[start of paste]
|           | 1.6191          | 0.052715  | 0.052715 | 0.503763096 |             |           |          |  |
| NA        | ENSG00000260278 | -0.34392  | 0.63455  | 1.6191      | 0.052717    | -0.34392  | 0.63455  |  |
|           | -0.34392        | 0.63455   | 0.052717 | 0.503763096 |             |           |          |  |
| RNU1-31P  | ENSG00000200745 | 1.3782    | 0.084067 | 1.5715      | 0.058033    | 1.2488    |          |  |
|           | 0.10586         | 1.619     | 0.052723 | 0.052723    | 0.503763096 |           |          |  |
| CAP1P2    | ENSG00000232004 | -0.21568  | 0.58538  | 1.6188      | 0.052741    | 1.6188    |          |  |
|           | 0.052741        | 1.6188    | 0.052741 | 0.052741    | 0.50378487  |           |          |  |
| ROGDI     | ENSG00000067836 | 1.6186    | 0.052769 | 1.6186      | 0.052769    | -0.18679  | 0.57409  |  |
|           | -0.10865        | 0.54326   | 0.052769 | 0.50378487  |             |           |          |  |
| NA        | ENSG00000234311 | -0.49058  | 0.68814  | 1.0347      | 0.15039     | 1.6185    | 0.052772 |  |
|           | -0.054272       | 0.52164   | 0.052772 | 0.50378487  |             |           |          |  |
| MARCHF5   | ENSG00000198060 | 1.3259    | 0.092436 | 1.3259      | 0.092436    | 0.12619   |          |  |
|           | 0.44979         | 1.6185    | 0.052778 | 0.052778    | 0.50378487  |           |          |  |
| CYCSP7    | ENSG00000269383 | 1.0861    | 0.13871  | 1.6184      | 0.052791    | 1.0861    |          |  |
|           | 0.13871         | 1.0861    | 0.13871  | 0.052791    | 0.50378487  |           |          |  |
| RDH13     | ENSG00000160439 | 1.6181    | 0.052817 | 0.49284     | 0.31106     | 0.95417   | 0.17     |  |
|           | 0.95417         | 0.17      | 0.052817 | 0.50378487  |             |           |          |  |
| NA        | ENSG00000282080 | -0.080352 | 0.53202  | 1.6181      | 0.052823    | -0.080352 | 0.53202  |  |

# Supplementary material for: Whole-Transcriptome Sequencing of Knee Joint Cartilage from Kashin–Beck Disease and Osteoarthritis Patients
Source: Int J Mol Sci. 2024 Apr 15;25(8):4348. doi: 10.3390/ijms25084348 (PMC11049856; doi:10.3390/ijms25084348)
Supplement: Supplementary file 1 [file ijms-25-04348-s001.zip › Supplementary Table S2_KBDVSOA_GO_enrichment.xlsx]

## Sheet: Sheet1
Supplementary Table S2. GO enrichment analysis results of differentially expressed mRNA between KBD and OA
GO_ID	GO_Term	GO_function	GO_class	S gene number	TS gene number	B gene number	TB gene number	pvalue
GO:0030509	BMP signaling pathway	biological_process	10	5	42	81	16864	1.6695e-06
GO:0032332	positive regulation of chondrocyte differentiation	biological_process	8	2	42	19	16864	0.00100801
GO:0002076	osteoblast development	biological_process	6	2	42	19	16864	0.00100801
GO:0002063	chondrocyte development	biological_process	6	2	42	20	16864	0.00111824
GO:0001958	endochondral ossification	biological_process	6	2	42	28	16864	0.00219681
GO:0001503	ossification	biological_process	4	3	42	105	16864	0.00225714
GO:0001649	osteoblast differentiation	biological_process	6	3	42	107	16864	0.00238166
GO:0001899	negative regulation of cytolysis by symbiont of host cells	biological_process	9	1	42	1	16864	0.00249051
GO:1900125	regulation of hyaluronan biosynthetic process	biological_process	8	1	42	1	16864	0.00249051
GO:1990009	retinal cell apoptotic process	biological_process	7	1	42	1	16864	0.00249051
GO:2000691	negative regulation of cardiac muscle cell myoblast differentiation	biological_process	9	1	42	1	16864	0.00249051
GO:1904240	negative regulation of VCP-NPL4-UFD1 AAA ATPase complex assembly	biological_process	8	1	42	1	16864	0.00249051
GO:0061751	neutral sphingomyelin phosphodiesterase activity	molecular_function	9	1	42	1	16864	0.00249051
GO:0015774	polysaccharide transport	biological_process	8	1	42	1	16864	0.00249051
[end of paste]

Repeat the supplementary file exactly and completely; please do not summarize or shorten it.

|           | 1.6191          | 0.052715  | 0.052715 | 0.503763096 |             |           |          |  |
| NA        | ENSG00000260278 | -0.34392  | 0.63455  | 1.6191      | 0.052717    | -0.34392  | 0.63455  |  |
|           | -0.34392        | 0.63455   | 0.052717 | 0.503763096 |             |           |          |  |
| RNU1-31P  | ENSG00000200745 | 1.3782    | 0.084067 | 1.5715      | 0.058033    | 1.2488    |          |  |
|           | 0.10586         | 1.619     | 0.052723 | 0.052723    | 0.503763096 |           |          |  |
| CAP1P2    | ENSG00000232004 | -0.21568  | 0.58538  | 1.6188      | 0.052741    | 1.6188    |          |  |
|           | 0.052741        | 1.6188    | 0.052741 | 0.052741    | 0.50378487  |           |          |  |
| ROGDI     | ENSG00000067836 | 1.6186    | 0.052769 | 1.6186      | 0.052769    | -0.18679  | 0.57409  |  |
|           | -0.10865        | 0.54326   | 0.052769 | 0.50378487  |             |           |          |  |
| NA        | ENSG00000234311 | -0.49058  | 0.68814  | 1.0347      | 0.15039     | 1.6185    | 0.052772 |  |
|           | -0.054272       | 0.52164   | 0.052772 | 0.50378487  |             |           |          |  |
| MARCHF5   | ENSG00000198060 | 1.3259    | 0.092436 | 1.3259      | 0.092436    | 0.12619   |          |  |
|           | 0.44979         | 1.6185    | 0.052778 | 0.052778    | 0.50378487  |           |          |  |
| CYCSP7    | ENSG00000269383 | 1.0861    | 0.13871  | 1.6184      | 0.052791    | 1.0861    |          |  |
|           | 0.13871         | 1.0861    | 0.13871  | 0.052791    | 0.50378487  |           |          |  |
| RDH13     | ENSG00000160439 | 1.6181    | 0.052817 | 0.49284     | 0.31106     | 0.95417   | 0.17     |  |
|           | 0.95417         | 0.17      | 0.052817 | 0.50378487  |             |           |          |  |
| NA        | ENSG00000282080 | -0.080352 | 0.53202  | 1.6181      | 0.052823    | -0.080352 | 0.53202  |  |

# Supplementary material for: Whole-Transcriptome Sequencing of Knee Joint Cartilage from Kashin–Beck Disease and Osteoarthritis Patients
Source: Int J Mol Sci. 2024 Apr 15;25(8):4348. doi: 10.3390/ijms25084348 (PMC11049856; doi:10.3390/ijms25084348)
Supplement: Supplementary file 1 [file ijms-25-04348-s001.zip › Supplementary Table S2_KBDVSOA_GO_enrichment.xlsx]

## Sheet: Sheet1
Supplementary Table S2. GO enrichment analysis results of differentially expressed mRNA between KBD and OA
GO_ID	GO_Term	GO_function	GO_class	S gene number	TS gene number	B gene number	TB gene number	pvalue
GO:0030509	BMP signaling pathway	biological_process	10	5	42	81	16864	1.6695e-06
GO:0032332	positive regulation of chondrocyte differentiation	biological_process	8	2	42	19	16864	0.00100801
GO:0002076	osteoblast development	biological_process	6	2	42	19	16864	0.00100801
GO:0002063	chondrocyte development	biological_process	6	2	42	20	16864	0.00111824
GO:0001958	endochondral ossification	biological_process	6	2	42	28	16864	0.00219681
GO:0001503	ossification	biological_process	4	3	42	105	16864	0.00225714
GO:0001649	osteoblast differentiation	biological_process	6	3	42	107	16864	0.00238166
GO:0001899	negative regulation of cytolysis by symbiont of host cells	biological_process	9	1	42	1	16864	0.00249051
GO:1900125	regulation of hyaluronan biosynthetic process	biological_process	8	1	42	1	16864	0.00249051
GO:1990009	retinal cell apoptotic process	biological_process	7	1	42	1	16864	0.00249051
GO:2000691	negative regulation of cardiac muscle cell myoblast differentiation	biological_process	9	1	42	1	16864	0.00249051
GO:1904240	negative regulation of VCP-NPL4-UFD1 AAA ATPase complex assembly	biological_process	8	1	42	1	16864	0.00249051
GO:0061751	neutral sphingomyelin phosphodiesterase activity	molecular_function	9	1	42	1	16864	0.00249051
GO:0015774	polysaccharide transport	biological_process	8	1	42	1	16864	0.00249051